Baghdad was due to host the event last year, but unrest in several Arab League member states, combined with security concerns in Iraq itself, led to its postponement.
“If Iraq had held the summit last year, most Arab leaders would not have attended,” Osama Murtadha, a professor of political science in Baghdad, said. “Those hostile to Iraq would have stayed away on the pretext that it was an occupied country, and those friendly towards Iraq would also have been unable to attend because they would have faced harsh public criticism for attending a meeting in an occupied country. Simply put, Arabs would have said, ‘How can we discuss our affairs in a country run by foreigners?’”
Iraq has not hosted an Arab League summit since May 1990, months before its then leader Saddam Hussein invaded Kuwait, an act which alienated the country from many other Arab states.
“This meeting will help us activate our relations with the Arab countries,” Mosawi said, adding, “There has been a disconnect stemming from Saddam Hussein’s poor policies, starting with his invasion of Kuwait.”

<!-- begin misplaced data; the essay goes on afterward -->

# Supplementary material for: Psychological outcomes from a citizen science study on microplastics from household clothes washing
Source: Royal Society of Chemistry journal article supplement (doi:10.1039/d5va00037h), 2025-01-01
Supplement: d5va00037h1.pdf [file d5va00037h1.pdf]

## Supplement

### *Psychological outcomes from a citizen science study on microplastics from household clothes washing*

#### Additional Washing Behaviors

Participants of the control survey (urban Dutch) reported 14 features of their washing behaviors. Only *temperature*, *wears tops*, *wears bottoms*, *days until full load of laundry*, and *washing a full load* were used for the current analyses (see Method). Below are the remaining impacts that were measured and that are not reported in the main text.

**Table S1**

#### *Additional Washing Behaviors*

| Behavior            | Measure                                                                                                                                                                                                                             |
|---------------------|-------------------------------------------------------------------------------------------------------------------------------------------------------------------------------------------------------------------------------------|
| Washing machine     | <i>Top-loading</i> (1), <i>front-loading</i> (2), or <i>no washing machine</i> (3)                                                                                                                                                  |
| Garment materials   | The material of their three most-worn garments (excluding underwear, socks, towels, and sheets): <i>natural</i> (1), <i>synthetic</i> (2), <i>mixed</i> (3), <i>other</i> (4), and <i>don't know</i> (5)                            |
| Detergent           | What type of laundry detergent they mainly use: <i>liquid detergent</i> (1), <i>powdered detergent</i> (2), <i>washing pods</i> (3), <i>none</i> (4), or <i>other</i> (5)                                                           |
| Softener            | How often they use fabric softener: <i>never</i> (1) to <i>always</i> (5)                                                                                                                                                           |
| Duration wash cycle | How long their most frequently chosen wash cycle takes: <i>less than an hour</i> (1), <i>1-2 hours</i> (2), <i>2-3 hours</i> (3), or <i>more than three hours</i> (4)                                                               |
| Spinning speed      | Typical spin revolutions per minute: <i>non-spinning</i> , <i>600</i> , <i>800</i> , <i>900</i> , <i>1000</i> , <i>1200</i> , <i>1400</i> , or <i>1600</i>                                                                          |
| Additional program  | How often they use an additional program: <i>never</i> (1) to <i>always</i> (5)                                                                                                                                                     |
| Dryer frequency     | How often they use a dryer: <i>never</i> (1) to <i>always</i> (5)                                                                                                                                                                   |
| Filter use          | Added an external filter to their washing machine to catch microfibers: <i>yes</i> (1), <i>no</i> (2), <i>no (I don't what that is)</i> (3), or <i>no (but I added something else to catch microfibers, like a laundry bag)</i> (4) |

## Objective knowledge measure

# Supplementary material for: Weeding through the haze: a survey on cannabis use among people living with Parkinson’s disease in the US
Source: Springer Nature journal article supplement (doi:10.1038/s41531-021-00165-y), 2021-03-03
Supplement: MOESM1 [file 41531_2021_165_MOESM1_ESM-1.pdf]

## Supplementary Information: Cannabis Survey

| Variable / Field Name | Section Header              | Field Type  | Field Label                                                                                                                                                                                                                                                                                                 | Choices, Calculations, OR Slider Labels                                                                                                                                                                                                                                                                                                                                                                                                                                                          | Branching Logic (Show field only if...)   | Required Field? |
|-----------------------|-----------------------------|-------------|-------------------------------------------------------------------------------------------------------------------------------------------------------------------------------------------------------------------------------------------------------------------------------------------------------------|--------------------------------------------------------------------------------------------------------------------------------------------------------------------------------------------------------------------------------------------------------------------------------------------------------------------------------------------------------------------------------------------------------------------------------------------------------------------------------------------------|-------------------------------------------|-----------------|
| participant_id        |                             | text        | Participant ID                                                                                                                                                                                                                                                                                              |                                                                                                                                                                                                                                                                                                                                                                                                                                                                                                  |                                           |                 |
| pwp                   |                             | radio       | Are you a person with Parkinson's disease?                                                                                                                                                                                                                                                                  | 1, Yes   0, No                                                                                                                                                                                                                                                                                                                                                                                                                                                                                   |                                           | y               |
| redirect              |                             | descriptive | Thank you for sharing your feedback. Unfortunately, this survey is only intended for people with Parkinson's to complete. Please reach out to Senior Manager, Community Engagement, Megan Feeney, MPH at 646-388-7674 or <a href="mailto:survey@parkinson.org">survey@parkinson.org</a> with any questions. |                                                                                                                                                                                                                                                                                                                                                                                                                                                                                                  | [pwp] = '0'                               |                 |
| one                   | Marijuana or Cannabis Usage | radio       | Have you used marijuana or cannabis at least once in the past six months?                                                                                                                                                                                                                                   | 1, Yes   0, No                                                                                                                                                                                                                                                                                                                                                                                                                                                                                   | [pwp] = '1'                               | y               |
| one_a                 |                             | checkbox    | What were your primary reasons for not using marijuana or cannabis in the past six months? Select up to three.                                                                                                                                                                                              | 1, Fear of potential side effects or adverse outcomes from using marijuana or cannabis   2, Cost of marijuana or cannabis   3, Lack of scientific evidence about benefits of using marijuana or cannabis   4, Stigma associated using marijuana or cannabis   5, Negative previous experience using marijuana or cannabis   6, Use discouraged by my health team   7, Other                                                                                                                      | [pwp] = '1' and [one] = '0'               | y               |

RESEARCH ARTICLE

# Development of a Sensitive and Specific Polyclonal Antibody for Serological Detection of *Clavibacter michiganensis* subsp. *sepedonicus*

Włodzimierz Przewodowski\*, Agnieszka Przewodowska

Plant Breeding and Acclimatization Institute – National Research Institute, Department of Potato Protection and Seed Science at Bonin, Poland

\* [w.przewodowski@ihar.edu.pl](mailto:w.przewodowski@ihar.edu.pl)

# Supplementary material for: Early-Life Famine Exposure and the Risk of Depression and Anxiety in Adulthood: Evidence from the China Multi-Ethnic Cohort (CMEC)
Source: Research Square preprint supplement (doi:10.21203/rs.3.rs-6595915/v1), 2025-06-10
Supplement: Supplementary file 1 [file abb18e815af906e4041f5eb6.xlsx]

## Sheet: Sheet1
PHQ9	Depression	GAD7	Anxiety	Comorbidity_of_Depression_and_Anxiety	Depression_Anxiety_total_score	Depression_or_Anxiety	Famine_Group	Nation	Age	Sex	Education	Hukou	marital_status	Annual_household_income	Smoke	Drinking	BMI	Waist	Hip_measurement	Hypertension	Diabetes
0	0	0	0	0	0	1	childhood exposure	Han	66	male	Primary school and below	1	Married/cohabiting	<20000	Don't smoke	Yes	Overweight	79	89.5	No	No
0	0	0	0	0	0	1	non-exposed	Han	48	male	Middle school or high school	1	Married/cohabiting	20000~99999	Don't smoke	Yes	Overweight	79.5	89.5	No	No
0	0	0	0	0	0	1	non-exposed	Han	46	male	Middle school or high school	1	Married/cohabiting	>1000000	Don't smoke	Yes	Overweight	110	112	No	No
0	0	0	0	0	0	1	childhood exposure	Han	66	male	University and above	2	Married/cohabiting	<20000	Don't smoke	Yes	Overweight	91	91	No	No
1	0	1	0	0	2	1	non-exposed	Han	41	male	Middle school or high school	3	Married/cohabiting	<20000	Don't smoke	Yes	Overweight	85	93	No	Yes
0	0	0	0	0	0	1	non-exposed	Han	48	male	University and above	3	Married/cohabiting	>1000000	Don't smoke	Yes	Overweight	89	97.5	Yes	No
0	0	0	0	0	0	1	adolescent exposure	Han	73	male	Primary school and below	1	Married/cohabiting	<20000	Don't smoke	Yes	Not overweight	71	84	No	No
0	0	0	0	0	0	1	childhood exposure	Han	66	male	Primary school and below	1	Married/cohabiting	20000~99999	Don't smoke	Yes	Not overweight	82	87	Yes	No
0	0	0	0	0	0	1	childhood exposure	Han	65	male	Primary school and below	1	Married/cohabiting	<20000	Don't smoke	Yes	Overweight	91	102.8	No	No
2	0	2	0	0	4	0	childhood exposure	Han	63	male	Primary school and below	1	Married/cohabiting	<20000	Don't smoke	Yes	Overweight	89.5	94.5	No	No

After Saddam was toppled in the United States-led invasion of 2003, Iraqis felt further isolated because many other Arab states saw them as being under occupation. With the American troop withdrawal in December 2011, Iraq is hoping to reposition itself as a leading player in the region.
Ahead of the summit, Baghdad has stepped up diplomatic efforts with other states.
The government paid four billion US dollars in compensation to Kuwait last year, and says it is committed to solving other controversial issues like the demarcation of borders with its southern neighbour. It also recently agreed to pay some 408 million dollars to around 640,000 Egyptians who fled Iraq following the first Gulf war.
The warming of relations with Saudi Arabia have been marked by Prime Minister Nuri al-Maliki’s declared willingness to visit the country, and the appointment of the Saudi envoy to Jordan to serve as non-resident ambassador to Baghdad. It is the first time there has been Saudi representation in Iraq for more than two decades.